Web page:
Even before the Civil War, Marx had a longstanding interest in the United States. When he was young he seriously considered moving to Texas. (Some aspiring author should write a novel based on this fascinating counterfactual: “Karl Marx: Texas Ranger!”) Marx was fascinated by the events in the United States, and stayed well informed as a result of ongoing correspondence with comrades who had emigrated there after the failed democratic revolutions of 1848. In the decade leading up to the Civil War, Marx was the London correspondent of one of the leading American newspapers, the New York Daily Tribune, mostly covering Europe and especially England, the focus of his research at that time. But when the war began and American money for his journalism dried up, he took a job writing for Die Press, a Viennese paper, where he turned his analysis to the US Civil War.
Whereas at the outset of the Civil War many European radicals were hesitant to critique the rebel southern states on the grounds that they believed in national self-determination and because they were confused about the reasons for secession, Marx convinced most of them that the Civil War was about slavery, and that defeating the Confederacy would be an important step towards working class emancipation. Support for the North thus became a cornerstone of Marx’s efforts to build the International Workingmen’s Association (IWA).
Marx argued that sectional antagonism was structural: that the southern slaveholders had long enjoyed political power disproportionate to their numbers but that such privilege was threatened by the dynamism of the northern economic system, particularly as it expanded west. In his October 20, 1861 article, “The North American Civil War,” Marx wrote: “In order to maintain its influence in the Senate, and through the Senate its hegemony over the United States, the South therefore requires a continual formation of new slave states.” In Marx’s eyes, the question that led to the war was “whether twenty million free men of the North should subordinate themselves any longer to an oligarchy of three thousand slaveholders.” Moreover, Marx correctly predicted that the North, no matter how moderate its aims at the outset of the Civil War, would eventually be compelled to revolutionary ends due to the fact that the two incompatible social systems could not exist alongside each other on the North American continent.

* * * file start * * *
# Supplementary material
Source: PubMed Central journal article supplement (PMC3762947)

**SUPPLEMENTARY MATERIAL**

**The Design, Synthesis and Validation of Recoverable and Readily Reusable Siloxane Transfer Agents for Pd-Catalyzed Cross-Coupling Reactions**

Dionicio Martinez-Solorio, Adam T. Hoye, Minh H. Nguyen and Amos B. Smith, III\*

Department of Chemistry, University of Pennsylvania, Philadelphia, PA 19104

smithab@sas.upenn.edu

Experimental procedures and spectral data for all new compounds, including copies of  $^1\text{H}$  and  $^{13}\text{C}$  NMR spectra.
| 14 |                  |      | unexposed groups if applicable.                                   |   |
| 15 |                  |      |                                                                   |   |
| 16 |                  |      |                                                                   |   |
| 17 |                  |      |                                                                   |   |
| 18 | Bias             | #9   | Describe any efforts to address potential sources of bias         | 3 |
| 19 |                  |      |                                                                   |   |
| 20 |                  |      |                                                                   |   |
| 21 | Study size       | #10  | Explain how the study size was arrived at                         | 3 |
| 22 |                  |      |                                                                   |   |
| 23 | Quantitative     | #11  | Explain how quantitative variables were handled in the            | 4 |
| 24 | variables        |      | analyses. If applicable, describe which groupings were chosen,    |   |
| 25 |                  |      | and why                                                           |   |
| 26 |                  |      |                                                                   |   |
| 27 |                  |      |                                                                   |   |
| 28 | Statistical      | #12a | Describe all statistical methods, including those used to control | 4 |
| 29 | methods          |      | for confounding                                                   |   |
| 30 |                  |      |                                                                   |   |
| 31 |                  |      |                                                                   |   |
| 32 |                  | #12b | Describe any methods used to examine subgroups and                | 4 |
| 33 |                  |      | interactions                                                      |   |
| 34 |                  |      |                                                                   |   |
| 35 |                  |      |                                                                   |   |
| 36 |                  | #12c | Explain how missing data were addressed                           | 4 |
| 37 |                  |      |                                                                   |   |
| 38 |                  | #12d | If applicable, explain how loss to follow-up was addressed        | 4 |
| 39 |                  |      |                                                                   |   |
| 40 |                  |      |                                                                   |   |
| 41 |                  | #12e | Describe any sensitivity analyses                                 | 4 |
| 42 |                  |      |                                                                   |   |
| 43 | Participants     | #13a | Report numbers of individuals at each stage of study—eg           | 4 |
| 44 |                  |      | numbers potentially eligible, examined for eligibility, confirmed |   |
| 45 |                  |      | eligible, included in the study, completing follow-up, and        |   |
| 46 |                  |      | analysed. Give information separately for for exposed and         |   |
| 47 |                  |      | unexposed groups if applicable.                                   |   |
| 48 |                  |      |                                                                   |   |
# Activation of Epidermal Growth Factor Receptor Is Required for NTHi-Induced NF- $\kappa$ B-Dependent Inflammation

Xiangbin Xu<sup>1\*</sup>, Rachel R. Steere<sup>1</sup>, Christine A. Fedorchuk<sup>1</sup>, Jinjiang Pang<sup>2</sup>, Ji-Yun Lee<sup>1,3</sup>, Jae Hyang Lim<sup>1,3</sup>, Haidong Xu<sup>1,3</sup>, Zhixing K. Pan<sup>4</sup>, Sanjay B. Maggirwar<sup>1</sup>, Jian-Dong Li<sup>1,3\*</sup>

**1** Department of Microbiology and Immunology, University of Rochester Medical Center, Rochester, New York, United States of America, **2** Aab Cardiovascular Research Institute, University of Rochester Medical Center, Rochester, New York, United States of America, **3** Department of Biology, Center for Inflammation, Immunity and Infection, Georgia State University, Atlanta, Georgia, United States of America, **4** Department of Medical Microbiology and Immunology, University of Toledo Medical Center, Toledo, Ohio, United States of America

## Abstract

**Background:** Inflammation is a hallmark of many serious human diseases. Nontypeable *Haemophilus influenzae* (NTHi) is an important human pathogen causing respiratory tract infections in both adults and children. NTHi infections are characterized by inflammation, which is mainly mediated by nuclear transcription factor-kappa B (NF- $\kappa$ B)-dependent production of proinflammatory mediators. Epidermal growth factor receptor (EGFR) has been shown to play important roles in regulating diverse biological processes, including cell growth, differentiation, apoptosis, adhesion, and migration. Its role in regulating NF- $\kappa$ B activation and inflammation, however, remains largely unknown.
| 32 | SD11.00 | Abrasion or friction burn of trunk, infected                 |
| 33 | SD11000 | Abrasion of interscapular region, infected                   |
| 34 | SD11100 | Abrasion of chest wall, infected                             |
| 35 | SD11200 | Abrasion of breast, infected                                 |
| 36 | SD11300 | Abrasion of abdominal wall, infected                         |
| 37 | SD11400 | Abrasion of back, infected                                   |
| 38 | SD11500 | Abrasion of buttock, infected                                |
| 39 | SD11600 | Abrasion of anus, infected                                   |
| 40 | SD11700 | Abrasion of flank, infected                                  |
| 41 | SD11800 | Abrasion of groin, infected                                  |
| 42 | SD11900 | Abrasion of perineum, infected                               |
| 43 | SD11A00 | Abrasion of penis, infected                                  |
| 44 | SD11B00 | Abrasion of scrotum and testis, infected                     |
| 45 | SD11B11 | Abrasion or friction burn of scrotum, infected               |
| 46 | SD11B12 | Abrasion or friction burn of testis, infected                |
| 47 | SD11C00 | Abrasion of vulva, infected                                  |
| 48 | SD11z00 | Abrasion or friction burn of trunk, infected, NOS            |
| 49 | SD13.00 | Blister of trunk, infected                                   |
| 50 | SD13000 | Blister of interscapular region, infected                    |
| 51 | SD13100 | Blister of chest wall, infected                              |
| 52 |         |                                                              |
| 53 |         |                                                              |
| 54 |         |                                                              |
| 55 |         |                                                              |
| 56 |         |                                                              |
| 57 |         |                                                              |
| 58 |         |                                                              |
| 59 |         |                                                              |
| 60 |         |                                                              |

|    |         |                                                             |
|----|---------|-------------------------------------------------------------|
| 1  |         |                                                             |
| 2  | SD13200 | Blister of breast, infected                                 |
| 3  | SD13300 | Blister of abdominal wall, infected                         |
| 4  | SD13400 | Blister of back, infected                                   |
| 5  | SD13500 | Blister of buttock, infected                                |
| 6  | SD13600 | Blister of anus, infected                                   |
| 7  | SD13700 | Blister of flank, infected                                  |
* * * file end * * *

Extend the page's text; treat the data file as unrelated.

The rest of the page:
Marx’s larger purpose in supporting the Union (beyond his hatred of chattel slavery, which should not be underestimated) was grounded in his belief that Union victory would help the working class everywhere. “Defeating the slave power and freeing the slaves would not easily destroy capitalism,” Blackburn writes, describing Marx’s theory, “but it would create conditions far more favorable to organizing and elevating labor, whether white or black.” As Marx wrote in a letter to Lincoln on behalf of the IWA: “The workingmen of Europe… consider it an earnest of the epoch to come, that it fell to the lot of Abraham Lincoln, the single-minded son of the working class, to lead his country through matchless struggle for the rescue of an enchained race and the reconstruction of the social world.”
Blackburn concurs with the best scholarship on Reconstruction that there was a surge of radicalism in North America following the Civil War, and goes further by adding that the IWA had something to do with that. Marx’s letter to Lincoln was a harbinger of such radicalism. Abolitionism and “free labor” “consecrated” wage labor’s role in the capitalist order, giving rise to popular movements that later came to challenge Gilded Age industrialism. Moreover, as Blackburn also argues, Marx’s analysis of working-class revolution, which was later on display in his writings about the Paris Commune, changed due to the Civil War and Lincoln. Marx returned to his pre-Communist Manifesto emphasis on emancipation.
The creative way in which Blackburn brings together Marx and Lincoln offers me a rough entry into the larger objective of my new book project: to demonstrate that Marx has long been the American alter ego. Here we go.